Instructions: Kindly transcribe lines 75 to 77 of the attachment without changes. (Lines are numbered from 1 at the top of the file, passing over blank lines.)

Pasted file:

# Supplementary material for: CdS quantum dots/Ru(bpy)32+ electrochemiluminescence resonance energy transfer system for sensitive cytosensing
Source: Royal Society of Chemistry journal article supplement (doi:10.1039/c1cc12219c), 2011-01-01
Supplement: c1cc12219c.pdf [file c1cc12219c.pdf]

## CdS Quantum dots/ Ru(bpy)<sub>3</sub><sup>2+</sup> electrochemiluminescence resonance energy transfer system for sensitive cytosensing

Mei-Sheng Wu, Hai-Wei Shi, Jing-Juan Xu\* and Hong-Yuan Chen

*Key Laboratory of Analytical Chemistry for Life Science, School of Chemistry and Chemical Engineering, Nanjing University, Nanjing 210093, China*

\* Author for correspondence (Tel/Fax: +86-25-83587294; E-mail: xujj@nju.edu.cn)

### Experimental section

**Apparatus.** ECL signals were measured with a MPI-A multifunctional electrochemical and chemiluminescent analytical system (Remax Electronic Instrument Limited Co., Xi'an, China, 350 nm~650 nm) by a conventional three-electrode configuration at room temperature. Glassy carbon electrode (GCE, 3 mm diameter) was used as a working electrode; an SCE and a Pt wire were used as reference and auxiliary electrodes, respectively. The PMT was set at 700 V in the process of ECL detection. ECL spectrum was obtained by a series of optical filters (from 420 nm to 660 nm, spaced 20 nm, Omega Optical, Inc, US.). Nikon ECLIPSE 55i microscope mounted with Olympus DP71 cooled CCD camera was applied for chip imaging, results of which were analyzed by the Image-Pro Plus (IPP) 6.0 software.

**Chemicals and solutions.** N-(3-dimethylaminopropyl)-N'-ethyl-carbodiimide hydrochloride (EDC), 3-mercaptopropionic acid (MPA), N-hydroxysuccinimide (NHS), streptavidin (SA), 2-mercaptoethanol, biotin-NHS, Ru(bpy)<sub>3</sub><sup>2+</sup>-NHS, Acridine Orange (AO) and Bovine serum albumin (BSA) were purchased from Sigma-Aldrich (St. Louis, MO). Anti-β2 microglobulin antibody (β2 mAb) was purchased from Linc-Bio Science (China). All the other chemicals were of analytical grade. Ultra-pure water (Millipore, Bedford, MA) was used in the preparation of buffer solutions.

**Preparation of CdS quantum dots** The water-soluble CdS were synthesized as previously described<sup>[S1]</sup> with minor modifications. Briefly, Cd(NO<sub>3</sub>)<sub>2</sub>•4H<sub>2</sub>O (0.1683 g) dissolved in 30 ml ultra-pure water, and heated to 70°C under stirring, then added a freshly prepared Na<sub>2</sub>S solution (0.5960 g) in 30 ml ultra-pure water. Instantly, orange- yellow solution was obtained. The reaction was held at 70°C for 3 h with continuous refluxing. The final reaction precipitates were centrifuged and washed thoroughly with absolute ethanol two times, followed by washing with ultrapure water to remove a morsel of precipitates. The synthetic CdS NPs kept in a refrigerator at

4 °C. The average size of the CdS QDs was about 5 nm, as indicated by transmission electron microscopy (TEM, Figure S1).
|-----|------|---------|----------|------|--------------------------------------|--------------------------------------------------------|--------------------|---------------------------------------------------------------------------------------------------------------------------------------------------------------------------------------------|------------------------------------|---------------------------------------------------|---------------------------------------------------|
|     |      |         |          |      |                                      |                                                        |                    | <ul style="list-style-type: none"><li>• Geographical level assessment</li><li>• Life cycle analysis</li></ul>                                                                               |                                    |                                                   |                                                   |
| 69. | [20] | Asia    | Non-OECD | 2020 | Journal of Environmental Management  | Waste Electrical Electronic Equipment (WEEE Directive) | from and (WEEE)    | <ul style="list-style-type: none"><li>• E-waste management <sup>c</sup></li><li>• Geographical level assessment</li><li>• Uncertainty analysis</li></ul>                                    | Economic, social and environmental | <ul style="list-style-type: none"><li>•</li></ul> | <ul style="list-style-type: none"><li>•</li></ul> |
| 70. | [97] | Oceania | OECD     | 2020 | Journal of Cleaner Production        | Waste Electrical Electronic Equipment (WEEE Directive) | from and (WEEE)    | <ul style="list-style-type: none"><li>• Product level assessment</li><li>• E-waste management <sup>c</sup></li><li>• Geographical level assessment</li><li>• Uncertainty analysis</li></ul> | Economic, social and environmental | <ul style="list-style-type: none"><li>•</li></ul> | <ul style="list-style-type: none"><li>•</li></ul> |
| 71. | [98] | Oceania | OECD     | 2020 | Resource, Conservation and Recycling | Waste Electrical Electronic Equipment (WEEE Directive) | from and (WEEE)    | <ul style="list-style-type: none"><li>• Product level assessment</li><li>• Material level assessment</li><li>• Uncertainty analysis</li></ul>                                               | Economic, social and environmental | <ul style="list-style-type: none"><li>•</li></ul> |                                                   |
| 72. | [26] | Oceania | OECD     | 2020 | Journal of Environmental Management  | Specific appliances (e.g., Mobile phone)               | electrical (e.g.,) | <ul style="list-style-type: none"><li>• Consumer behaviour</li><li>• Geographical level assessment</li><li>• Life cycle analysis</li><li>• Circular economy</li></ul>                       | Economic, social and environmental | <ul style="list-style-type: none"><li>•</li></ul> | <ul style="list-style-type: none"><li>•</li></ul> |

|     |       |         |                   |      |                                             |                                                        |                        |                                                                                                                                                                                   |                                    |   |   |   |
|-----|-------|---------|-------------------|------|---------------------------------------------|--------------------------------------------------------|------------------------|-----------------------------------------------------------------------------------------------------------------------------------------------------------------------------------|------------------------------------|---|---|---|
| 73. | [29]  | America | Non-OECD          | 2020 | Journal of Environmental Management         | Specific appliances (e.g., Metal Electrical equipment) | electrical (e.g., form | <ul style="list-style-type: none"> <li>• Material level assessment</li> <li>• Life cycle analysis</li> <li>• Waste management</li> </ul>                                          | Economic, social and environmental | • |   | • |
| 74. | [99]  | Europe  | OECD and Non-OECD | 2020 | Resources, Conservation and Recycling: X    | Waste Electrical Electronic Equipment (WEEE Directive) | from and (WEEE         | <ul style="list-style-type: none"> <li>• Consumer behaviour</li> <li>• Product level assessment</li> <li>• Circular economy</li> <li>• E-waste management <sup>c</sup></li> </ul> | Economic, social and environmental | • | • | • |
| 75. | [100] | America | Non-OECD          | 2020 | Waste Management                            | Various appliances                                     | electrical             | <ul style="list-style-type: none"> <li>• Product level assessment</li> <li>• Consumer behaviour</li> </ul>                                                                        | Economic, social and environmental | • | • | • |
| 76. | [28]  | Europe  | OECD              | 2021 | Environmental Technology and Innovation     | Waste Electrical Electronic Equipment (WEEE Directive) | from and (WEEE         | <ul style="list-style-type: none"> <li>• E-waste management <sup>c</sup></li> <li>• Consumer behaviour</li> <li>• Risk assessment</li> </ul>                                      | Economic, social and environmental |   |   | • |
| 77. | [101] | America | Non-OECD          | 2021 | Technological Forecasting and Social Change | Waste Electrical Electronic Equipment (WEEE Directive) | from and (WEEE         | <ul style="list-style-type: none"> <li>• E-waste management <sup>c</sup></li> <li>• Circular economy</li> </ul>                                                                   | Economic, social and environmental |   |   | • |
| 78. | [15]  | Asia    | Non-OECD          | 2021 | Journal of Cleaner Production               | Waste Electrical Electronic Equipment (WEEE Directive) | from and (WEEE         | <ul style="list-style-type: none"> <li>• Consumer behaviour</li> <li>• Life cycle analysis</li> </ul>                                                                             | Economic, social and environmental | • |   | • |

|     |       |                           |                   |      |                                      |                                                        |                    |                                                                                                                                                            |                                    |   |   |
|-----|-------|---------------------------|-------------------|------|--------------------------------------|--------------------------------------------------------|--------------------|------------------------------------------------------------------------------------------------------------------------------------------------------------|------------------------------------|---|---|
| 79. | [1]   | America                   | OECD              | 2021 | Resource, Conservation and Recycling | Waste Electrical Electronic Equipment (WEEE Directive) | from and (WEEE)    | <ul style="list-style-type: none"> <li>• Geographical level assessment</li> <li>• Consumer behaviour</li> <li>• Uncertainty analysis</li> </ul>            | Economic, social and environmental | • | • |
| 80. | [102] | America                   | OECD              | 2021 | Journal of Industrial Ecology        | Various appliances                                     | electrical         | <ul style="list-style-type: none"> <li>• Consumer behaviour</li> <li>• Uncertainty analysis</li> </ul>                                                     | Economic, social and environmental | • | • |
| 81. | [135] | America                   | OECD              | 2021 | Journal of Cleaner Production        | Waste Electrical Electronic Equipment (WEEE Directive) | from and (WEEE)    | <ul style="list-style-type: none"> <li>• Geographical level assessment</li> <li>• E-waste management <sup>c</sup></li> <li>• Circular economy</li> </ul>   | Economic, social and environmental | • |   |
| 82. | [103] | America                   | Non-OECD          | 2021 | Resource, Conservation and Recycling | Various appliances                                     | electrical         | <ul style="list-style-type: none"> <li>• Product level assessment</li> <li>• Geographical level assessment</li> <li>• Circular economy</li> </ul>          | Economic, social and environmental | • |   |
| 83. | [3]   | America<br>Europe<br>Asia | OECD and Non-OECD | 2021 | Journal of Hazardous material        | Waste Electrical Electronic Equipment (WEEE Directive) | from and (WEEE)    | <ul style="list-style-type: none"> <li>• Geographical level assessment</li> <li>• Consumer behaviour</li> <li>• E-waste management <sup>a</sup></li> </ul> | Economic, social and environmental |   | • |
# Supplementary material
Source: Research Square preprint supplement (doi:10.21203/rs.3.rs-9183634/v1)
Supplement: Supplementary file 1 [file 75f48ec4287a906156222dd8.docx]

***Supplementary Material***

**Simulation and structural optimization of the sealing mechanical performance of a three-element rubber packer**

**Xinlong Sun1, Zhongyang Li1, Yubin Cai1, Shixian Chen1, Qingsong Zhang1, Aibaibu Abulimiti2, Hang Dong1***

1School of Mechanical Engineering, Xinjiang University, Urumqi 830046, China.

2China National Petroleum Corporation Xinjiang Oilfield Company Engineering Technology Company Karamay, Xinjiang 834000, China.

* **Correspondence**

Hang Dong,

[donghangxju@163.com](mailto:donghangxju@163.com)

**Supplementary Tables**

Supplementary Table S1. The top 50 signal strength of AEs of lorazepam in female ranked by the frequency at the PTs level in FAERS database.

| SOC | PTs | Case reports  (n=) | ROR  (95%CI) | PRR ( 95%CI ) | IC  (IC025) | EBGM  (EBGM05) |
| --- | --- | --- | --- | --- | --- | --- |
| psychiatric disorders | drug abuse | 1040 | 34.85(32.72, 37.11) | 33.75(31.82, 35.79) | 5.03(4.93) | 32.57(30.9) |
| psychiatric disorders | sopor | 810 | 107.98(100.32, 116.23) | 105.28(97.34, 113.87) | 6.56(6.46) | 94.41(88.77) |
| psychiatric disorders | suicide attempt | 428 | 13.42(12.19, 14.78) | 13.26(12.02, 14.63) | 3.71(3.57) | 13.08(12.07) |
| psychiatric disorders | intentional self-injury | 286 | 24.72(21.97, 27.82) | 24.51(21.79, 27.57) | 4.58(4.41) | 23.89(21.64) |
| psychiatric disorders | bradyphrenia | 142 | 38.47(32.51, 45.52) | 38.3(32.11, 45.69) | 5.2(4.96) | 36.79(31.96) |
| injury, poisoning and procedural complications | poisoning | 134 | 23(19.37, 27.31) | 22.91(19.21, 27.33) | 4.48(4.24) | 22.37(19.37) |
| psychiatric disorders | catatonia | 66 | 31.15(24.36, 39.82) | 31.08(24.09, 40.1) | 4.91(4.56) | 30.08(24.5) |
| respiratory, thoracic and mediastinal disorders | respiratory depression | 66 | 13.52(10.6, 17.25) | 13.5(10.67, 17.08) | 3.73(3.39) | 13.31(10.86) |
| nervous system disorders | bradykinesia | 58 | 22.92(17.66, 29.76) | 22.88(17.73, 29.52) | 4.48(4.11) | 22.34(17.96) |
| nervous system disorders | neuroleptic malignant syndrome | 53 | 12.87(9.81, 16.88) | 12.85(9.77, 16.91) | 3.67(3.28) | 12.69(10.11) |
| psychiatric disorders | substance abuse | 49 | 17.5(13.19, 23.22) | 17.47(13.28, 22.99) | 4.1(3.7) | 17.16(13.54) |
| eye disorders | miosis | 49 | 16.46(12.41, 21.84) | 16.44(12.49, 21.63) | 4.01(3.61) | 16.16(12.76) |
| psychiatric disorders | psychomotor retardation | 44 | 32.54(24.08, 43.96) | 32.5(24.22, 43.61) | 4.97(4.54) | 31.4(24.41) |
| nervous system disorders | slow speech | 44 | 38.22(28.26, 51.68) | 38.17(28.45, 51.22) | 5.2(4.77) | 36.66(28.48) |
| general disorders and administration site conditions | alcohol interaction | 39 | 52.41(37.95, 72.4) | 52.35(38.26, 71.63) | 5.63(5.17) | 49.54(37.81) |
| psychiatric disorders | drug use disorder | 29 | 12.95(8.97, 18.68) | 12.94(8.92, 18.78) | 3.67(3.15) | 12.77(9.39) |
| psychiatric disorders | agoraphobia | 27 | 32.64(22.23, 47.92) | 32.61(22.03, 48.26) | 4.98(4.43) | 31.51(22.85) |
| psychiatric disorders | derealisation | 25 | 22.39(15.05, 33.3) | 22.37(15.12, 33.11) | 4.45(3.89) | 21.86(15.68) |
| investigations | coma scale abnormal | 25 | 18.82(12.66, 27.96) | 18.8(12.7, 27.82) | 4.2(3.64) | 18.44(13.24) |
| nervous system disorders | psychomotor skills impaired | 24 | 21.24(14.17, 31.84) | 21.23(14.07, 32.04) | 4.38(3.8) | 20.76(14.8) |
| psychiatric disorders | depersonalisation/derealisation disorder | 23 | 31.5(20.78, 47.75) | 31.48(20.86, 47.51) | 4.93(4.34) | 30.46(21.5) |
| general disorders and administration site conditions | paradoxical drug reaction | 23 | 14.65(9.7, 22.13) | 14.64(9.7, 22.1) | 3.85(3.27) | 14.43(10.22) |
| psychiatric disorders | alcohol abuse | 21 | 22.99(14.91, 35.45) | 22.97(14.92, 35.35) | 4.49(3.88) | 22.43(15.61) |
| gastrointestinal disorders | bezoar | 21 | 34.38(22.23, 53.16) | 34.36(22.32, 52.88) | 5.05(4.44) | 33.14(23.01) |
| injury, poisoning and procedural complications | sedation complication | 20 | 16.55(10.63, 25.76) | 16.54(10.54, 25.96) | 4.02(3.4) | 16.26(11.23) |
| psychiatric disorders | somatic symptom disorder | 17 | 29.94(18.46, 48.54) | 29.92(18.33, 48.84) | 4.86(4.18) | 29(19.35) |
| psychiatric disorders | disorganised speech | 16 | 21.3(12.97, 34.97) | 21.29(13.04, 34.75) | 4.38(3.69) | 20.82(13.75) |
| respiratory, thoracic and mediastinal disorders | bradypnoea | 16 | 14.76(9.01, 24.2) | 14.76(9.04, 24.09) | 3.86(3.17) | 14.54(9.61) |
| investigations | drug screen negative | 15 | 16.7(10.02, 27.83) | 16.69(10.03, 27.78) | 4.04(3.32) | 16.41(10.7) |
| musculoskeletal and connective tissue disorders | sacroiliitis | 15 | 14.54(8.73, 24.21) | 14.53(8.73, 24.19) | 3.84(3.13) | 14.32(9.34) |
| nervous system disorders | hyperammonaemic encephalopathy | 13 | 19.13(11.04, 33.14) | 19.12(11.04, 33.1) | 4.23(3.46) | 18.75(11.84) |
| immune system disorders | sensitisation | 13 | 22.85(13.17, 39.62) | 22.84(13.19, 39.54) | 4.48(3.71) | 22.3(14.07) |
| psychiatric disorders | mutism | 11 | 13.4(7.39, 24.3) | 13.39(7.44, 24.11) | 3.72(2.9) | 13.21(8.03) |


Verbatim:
| psychiatric disorders | disorganised speech | 16 | 21.3(12.97, 34.97) | 21.29(13.04, 34.75) | 4.38(3.69) | 20.82(13.75) |
| respiratory, thoracic and mediastinal disorders | bradypnoea | 16 | 14.76(9.01, 24.2) | 14.76(9.04, 24.09) | 3.86(3.17) | 14.54(9.61) |
| investigations | drug screen negative | 15 | 16.7(10.02, 27.83) | 16.69(10.03, 27.78) | 4.04(3.32) | 16.41(10.7) |